People with EDS seem to get more infections than people without EDS, and these infections often have similarities. I’m currently in hospital with yet another skin/wound infection, and want to share some of the things that my team and I have learned over the years, about the type of infections, how to diagnose them, treat them, and how to prevent them from happening in the first place.
Within the last decade or so, there has been significant progress in understanding the truly multi-system nature of the syndrome. In London, Professor Rodney Grahame, who has dedicated the majority of his career to treating people with EDS, has brought together a number of different specialists to try to understand some of the symptoms commonly experienced by his EDS patients. The group started small, but has grown rapidly with the realisation that virtually every organ or body system can be affected by EDS.
I have been lucky enough to have been treated by several of the new specialists with an interest in EDS. Not only have they helped to diagnose some of the conditions that I have as a result of EDS, they’ve also, because of their contact with EDS specialists in other fields, been able to understand some of my ‘random’ symptoms, and have referred me to some of the other EDS specialists for investigation/treatment. These super-specialists tend to work in large tertiary referral centres, and despite the very niche areas of interest (e.g. Urogynaecology specialising in bladder dysfunction in women with EDS), their clinics are bulging at the seams with patients.
One of the newer observations is that many people with EDS get lots of infections, most commonly ear/sinus/chest, bladder/kidney, and skin/wound infections. I am no exception.
Wounds tend to take a long time to heal, and scar badly. These wounds often get infected, delaying healing even further. I have a feeding tube and a Hickman line, both of which go through the skin. I’ve ‘lost’ two feeding tubes and one Hickman line due to skin infections that just wouldn’t go away, despite heavy-duty treatments,
People with EDS often have a lowered immune system. Part of this is probably related to being generally unwell for a long time, but there also seems to be a specific deficiency in IgG-3, which is one of the antibodies that fights infection. This can result in a vulnerability to infection, especially those mentioned above, and especially caused by viruses and certain (gram negative) bacteria. The gastrointestinal problems often associated with EDS can mean that oral antibiotics aren’t absorbed very well, making it even more difficult to treat these frequent infections.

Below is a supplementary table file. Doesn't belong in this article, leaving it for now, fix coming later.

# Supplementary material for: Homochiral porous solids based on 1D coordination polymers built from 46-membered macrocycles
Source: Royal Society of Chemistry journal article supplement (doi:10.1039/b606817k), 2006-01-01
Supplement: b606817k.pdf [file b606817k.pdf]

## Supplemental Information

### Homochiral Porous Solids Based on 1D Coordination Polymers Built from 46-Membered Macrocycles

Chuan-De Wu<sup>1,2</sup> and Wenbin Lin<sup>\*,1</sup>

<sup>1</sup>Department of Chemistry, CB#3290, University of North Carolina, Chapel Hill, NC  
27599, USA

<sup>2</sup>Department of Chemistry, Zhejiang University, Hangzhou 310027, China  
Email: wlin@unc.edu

The basic problem in EDS is stretchy collagen (connective tissue), but it’s not just stretchy – it’s also fragile. This means that skin can split open or tear easily. Having a heavy feeding tube pulling against the skin can cause the skin to tear, giving infection a way in. This is especially problematic when the other end of the tube is in the gastrointestinal tract, which is full of bacteria.
One of the things we’ve tried that has made a difference is using smaller tubes. My current feeding tube is just over half the size of a standard tube, and has been so much less troublesome than my previous two tubes.
The other thing that has made a difference is using dressings/tape that don’t tear my skin (or cause an allergic reaction). It can be a long process of trial and error to find the right dressing/tape, but it’s so worth it. Having to stick another harsh dressing over already broken skin is not nice, and broken skin is beautifully ready for infection, especially if it’s kept warm and moist under a dressing!
Finally, arranging my tube and taping it carefully to my skin takes some of the weight off the wound, allowing it to heal, and protecting it from infections.
I’ll be trying all those things, and more (suggestions are always gratefully received, and I’d love to hear of your experiences). I hope to get my new Hickman line this week, after having to have it removed last week, after 5 months of grumbling infection. I hope to keep this new line for at least five years. Third line lucky, right?